CHARLESTON, W. Va. -- As recently witnessed with Hurricane Sandy, it is crucial that first responders act fast and work together.
Learning to work as an effective team takes preparation and practice.
CBN News went underground in West Virginia to see that training at work.
First Responders Boot Camp
A terrorist event unfolds in a crowded subway. Dead and wounded litter the station while rescuers rush in to help. Fortunately, this is only an exercise.
But for the trainers in this scenario, it doesn't feel that way.
First responders from around the nation travelled to the mountains of West Virginia to go underground.
"We will take units from throughout the country, self-support teams, civilian first responders, we will tailor exercises to what their commanders need, whether it be a drug laboratory, a collapsed parking structure for search and extraction purposes, and collapsed structures outside as well," Major Bill Anning, with the Center for National Response, said.
A tunnel that was once a part of the state turnpike now serves a new purpose: taking disaster preparedness to a whole new level.
"We can make it high noon or we can make it midnight. We can have flame bars in here; we can have smoke and the echo in the tunnel adds to the realism," Anning said. "You'll have jackhammers, you'll have sawing; you'll have people crying for help."
Subway 'Terror' Attack
One exercise simulated a terror attack on a subway train. Locals from the area served as victims. The training unit came all the way from Portland, Ore.
"A response like this in this type of a scenario - that's very rare," Sgt. Mike Unsworth, an explosive ordnance disposal specialist, told CBN News. "That's why we travel from Portland to West Virginia to do it."
"We train routinely, but you do not get a tunnel environment in which you can put a railcar and smoke and victims and control the environment like they've done here," he explained.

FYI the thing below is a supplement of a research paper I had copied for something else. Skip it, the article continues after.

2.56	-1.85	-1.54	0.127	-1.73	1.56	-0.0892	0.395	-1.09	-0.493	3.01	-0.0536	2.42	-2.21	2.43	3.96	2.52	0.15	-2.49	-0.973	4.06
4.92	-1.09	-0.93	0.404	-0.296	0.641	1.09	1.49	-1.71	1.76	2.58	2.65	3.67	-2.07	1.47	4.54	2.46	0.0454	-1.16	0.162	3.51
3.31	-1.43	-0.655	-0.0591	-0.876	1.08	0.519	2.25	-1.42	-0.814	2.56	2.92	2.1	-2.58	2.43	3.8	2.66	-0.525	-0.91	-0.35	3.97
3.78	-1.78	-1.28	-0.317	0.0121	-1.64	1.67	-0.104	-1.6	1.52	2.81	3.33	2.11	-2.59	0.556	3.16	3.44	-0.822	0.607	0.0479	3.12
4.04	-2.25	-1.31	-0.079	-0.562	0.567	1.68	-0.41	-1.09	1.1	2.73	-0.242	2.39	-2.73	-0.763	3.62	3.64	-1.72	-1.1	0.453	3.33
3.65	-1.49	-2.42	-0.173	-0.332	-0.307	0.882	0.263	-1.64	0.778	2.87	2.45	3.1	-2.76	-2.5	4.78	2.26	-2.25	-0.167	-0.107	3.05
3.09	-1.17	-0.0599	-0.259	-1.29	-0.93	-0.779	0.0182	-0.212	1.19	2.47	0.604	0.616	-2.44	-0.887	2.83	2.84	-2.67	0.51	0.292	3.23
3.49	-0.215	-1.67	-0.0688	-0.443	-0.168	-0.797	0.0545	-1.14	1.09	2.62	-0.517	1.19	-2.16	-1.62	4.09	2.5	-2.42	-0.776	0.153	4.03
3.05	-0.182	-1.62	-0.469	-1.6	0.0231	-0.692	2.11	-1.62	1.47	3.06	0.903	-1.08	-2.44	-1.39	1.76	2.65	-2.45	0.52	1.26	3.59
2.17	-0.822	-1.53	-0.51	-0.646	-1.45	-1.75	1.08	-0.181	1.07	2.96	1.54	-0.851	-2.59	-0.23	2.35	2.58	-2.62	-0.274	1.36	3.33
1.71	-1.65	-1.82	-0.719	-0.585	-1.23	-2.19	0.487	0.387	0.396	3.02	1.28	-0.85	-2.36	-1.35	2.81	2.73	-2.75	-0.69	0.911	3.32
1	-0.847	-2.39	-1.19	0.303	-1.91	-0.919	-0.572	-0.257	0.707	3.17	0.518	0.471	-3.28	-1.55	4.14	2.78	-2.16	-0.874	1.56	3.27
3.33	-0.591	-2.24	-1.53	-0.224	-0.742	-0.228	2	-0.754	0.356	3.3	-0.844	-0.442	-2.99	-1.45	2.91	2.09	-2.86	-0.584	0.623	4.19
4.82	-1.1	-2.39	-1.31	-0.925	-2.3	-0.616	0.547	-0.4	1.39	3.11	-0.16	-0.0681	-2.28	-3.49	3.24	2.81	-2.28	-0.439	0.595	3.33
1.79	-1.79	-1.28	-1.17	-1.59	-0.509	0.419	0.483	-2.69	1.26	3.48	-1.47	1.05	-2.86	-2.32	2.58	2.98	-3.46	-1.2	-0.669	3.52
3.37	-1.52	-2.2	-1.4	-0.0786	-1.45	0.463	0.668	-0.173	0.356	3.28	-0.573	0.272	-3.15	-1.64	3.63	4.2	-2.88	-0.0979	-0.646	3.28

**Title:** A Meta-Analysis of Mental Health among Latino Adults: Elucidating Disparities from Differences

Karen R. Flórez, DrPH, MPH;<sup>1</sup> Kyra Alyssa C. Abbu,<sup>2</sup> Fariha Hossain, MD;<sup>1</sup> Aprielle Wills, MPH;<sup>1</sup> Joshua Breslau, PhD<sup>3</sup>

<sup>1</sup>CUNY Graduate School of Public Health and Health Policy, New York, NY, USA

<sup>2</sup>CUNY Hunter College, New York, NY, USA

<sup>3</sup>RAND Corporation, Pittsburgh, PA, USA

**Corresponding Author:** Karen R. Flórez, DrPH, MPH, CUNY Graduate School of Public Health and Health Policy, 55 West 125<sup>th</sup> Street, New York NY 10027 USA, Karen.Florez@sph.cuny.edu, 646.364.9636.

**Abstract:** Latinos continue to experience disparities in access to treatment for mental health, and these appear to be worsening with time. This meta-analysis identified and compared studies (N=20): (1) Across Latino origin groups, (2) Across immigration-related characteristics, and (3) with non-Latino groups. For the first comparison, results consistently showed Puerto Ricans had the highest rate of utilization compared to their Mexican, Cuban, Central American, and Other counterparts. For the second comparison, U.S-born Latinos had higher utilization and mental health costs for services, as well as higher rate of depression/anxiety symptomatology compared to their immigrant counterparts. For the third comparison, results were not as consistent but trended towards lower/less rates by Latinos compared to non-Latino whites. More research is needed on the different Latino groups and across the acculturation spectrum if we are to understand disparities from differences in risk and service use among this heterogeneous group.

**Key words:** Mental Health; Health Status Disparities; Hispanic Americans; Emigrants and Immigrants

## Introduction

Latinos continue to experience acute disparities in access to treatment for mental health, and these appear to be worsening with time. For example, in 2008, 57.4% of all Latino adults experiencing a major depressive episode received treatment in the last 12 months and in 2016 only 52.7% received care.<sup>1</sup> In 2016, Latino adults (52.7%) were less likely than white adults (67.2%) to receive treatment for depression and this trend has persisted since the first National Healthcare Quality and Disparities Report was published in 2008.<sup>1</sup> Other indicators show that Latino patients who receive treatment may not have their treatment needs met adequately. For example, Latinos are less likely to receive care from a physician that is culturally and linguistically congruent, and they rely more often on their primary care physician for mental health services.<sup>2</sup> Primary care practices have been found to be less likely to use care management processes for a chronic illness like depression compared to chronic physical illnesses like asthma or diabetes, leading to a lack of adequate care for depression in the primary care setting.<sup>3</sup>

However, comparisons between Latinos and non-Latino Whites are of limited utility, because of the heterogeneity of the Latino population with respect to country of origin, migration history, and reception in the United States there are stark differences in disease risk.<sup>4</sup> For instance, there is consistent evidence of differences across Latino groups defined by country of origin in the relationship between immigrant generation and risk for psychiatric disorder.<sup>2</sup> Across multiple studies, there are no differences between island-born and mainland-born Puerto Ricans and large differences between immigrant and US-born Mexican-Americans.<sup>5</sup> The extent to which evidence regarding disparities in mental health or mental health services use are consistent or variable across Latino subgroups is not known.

"Our job was to come in and do a sweep of the scene and locate devices and render them safe or determine if we can work around them," Portland Police Bureau's Sgt. Tim Musgrove said. "The first thing we're doing is trying to get those folks out of harm's way while our EOD guy, Sgt. Unsworth here, renders them safe."
A major car pile-up would be a nightmare scenario that would see various agencies converging on the scene. If they had never worked together before, they might not be able to work together effectively.
That's why the training they do in West Virginia is so important.
"These are the guys that are going to respond; these are the people that are going to show up after the first responders are there and they ask for assistance," Col. Randall Isle, with the Joint Inter-Agency Training and Education Center, said.
"These are going to be the heavy lifters," he continued. "They're the guys who bring the big equipment. They bring the personnel that's needed to do a very large event."
Never Too Prepared
Emergency workers come from far and wide because they are not going to get this type of realism anywhere else.
"This is the first time in a long time that we've actually had live actors and I think the live actors provide a sense of realism and urgency," Sgt. Leanee Raina, with the Portland Police Bureau Emergency Management Unit, said.
"We hope we never have to use this," Raina added. "But the more prepared we are the better we are in case something happens."
The military gets lots of use out of the tunnel as well. U.S. Marines conducted training in a simulated drug lab.
Special operations also come from around the country to train in a specially constructed cave complex, which is built to look just like the ones in Afghanistan, and it doesn't get more realistic than this.